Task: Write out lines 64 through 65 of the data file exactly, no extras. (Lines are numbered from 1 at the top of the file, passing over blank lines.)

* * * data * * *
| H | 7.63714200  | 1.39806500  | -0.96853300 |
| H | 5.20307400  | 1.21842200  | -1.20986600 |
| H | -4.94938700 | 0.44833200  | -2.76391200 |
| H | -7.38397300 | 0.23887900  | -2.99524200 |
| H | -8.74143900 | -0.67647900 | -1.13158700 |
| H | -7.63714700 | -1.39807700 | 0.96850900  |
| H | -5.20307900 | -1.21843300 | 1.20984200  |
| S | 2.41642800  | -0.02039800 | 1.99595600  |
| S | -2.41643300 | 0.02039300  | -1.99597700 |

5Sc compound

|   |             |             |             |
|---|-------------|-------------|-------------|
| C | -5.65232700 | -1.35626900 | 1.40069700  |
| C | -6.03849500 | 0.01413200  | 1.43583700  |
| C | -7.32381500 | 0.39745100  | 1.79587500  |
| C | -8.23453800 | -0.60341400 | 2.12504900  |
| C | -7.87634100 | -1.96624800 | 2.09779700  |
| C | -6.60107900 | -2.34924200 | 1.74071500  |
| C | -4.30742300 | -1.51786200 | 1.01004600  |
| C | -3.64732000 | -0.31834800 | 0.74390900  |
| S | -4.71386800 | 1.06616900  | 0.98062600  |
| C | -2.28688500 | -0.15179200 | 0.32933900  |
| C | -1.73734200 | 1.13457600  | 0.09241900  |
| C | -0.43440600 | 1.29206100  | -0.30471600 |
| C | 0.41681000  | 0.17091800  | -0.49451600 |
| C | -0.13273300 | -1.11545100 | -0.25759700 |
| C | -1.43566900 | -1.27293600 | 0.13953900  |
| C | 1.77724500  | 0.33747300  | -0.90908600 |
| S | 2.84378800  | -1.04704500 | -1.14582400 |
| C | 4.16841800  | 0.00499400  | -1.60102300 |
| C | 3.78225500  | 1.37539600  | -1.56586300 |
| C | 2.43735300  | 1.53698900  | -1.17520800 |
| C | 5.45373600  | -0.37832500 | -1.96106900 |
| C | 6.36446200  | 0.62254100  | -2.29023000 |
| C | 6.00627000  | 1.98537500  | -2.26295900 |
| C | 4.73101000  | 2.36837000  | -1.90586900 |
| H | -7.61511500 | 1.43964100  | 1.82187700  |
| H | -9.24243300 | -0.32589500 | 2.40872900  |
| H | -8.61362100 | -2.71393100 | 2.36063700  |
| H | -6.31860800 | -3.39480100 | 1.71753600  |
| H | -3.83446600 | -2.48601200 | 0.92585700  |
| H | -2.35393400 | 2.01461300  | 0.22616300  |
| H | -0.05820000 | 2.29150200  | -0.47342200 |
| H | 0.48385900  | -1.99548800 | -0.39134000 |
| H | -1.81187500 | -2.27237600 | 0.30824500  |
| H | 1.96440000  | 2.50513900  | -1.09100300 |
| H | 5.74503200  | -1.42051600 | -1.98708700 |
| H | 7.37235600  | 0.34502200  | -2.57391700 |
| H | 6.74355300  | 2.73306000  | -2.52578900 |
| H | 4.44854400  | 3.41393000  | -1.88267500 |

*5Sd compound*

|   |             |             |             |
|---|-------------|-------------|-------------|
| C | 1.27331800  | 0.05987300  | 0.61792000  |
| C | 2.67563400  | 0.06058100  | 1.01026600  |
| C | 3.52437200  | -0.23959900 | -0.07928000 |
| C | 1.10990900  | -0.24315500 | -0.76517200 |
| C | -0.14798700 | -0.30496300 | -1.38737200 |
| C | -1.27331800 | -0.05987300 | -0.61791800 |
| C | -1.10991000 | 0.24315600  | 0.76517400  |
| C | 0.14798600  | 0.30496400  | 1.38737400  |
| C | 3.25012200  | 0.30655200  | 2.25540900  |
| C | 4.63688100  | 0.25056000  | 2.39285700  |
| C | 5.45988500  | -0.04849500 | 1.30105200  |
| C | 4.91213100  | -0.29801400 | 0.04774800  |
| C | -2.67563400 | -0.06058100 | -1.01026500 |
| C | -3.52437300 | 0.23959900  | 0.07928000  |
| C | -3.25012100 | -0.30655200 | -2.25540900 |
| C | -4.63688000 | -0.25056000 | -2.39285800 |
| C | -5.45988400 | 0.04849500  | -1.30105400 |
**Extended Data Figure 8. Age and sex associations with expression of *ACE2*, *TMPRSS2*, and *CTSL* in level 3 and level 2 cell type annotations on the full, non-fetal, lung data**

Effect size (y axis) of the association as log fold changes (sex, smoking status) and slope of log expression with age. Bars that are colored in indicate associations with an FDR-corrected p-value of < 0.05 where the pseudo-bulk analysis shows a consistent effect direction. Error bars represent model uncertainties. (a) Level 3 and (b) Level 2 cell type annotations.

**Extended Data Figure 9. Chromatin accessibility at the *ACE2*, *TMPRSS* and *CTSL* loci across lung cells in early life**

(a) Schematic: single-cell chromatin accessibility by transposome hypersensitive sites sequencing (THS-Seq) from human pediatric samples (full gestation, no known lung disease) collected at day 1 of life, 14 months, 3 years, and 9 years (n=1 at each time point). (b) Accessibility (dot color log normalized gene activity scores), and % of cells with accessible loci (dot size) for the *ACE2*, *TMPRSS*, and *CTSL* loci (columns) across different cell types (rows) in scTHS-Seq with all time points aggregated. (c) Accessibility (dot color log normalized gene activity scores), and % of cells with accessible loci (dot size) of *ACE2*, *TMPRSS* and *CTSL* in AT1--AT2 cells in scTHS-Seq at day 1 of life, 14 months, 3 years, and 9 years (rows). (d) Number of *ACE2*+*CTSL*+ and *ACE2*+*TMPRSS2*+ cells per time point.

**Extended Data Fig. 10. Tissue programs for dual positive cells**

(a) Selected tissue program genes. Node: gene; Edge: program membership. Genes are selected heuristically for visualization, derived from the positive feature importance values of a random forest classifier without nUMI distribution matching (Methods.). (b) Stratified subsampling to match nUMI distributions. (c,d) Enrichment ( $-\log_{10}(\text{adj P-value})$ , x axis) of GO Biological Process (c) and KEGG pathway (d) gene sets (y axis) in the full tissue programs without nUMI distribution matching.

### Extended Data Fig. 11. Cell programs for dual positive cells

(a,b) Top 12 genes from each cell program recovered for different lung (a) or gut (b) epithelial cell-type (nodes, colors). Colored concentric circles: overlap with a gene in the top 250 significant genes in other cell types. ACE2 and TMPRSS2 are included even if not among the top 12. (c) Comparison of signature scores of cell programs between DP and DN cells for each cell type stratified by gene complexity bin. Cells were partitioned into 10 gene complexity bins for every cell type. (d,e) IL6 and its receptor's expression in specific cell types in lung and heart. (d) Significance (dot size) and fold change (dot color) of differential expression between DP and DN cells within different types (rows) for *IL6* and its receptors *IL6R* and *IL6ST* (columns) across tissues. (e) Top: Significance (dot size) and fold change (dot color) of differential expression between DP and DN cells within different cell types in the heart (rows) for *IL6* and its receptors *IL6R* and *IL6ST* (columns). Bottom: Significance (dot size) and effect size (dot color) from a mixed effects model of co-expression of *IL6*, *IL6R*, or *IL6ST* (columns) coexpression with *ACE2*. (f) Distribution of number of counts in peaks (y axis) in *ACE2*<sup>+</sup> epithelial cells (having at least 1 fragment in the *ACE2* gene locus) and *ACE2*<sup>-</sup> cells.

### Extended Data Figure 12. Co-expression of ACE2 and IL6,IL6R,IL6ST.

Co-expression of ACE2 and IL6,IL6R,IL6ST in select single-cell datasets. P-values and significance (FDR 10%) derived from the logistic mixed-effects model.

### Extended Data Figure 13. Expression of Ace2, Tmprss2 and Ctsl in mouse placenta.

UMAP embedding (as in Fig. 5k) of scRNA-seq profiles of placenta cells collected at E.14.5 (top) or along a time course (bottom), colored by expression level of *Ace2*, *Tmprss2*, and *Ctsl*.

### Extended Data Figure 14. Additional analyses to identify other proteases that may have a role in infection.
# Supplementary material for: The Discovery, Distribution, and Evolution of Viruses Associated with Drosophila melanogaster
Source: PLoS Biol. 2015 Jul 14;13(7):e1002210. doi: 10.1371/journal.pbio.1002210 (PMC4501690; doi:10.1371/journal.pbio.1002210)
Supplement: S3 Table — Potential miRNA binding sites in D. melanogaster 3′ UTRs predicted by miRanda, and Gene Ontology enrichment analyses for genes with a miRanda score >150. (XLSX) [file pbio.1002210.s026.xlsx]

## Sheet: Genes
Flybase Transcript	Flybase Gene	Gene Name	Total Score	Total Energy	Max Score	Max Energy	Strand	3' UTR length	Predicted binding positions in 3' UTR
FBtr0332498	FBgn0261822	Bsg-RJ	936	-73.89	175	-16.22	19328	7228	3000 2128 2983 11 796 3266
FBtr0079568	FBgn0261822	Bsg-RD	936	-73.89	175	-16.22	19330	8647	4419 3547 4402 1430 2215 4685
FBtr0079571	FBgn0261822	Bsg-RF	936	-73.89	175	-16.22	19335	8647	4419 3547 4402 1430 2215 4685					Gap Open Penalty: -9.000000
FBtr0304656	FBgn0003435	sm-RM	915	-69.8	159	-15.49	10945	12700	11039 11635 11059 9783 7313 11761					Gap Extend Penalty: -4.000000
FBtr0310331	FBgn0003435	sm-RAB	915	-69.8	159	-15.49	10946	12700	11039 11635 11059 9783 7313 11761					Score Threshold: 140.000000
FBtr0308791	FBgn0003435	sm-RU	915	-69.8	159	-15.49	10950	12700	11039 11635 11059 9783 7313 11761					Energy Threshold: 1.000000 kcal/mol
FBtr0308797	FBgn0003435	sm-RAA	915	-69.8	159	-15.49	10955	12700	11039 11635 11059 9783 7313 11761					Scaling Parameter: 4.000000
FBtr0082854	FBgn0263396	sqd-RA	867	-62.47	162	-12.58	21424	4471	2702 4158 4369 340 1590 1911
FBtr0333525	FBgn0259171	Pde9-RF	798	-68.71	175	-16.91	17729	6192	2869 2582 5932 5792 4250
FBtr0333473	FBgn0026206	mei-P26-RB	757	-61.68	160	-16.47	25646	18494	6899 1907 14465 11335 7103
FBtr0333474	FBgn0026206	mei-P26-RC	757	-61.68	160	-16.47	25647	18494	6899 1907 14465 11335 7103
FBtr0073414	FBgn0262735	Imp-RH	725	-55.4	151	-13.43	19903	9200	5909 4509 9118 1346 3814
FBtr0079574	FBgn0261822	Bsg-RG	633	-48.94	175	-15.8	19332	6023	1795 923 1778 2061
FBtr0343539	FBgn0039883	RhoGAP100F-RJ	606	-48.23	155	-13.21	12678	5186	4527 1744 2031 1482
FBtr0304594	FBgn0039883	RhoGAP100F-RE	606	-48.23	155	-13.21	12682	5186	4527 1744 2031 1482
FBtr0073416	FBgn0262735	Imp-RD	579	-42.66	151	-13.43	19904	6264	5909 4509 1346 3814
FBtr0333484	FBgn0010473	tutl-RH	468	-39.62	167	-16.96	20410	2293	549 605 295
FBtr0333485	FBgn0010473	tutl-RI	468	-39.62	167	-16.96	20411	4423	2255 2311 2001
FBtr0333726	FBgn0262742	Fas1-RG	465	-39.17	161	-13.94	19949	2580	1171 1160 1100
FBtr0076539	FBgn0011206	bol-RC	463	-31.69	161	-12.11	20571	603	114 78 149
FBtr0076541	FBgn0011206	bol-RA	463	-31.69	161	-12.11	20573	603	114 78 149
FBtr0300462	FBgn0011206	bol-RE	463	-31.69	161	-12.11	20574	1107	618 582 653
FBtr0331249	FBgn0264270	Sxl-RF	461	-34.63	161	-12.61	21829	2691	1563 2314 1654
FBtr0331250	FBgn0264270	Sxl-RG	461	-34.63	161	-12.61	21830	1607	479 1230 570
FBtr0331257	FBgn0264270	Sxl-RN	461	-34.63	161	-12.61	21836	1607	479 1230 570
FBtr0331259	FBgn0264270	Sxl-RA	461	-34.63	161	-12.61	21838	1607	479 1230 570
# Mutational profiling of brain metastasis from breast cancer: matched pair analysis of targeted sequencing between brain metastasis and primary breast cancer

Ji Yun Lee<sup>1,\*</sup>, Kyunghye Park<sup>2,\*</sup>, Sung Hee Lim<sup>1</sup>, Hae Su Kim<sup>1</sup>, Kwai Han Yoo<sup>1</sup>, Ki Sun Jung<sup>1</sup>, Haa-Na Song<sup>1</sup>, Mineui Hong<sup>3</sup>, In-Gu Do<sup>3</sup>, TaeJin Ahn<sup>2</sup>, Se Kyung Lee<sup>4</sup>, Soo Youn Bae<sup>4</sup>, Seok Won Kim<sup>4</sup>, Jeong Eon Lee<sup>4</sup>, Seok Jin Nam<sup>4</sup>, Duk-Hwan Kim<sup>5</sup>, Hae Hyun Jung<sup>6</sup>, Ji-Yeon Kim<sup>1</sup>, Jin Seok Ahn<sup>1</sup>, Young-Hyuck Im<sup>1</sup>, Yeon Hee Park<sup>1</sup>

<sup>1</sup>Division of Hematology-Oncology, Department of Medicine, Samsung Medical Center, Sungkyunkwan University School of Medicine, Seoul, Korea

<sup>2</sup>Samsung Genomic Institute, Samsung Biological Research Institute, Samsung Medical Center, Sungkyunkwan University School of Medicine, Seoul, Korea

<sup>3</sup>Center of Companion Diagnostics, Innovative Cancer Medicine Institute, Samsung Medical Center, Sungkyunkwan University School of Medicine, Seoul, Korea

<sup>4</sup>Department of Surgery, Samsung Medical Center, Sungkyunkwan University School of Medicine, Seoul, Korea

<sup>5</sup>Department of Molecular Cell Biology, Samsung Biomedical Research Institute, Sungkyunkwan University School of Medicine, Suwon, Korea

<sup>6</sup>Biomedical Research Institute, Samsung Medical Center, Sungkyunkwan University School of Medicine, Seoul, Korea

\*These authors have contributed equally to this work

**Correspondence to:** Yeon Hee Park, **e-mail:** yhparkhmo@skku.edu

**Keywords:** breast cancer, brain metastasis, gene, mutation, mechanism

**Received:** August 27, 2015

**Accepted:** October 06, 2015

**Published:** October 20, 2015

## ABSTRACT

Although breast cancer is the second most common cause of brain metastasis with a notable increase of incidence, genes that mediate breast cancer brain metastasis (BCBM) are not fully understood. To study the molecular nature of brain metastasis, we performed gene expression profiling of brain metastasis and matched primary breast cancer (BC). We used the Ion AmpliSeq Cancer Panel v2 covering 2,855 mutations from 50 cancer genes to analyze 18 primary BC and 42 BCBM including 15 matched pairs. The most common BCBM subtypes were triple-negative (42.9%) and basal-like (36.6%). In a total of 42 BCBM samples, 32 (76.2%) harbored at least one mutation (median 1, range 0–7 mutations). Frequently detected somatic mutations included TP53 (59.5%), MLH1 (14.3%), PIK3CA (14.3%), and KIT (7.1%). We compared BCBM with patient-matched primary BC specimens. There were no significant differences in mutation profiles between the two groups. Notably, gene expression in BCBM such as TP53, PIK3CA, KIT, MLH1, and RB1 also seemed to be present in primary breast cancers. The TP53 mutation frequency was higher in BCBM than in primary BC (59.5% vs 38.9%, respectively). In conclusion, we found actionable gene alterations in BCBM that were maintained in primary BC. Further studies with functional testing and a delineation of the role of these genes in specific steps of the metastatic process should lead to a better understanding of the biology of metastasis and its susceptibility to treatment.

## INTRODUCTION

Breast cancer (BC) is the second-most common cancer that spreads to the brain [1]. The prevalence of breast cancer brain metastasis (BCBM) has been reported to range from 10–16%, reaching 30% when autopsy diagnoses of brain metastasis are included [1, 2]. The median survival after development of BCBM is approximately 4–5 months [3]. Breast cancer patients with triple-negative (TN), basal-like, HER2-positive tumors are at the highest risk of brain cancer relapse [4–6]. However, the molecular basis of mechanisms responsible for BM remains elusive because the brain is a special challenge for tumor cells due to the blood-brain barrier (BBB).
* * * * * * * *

| C | 5.45988500  | -0.04849500 | 1.30105200  |
| C | 4.91213100  | -0.29801400 | 0.04774800  |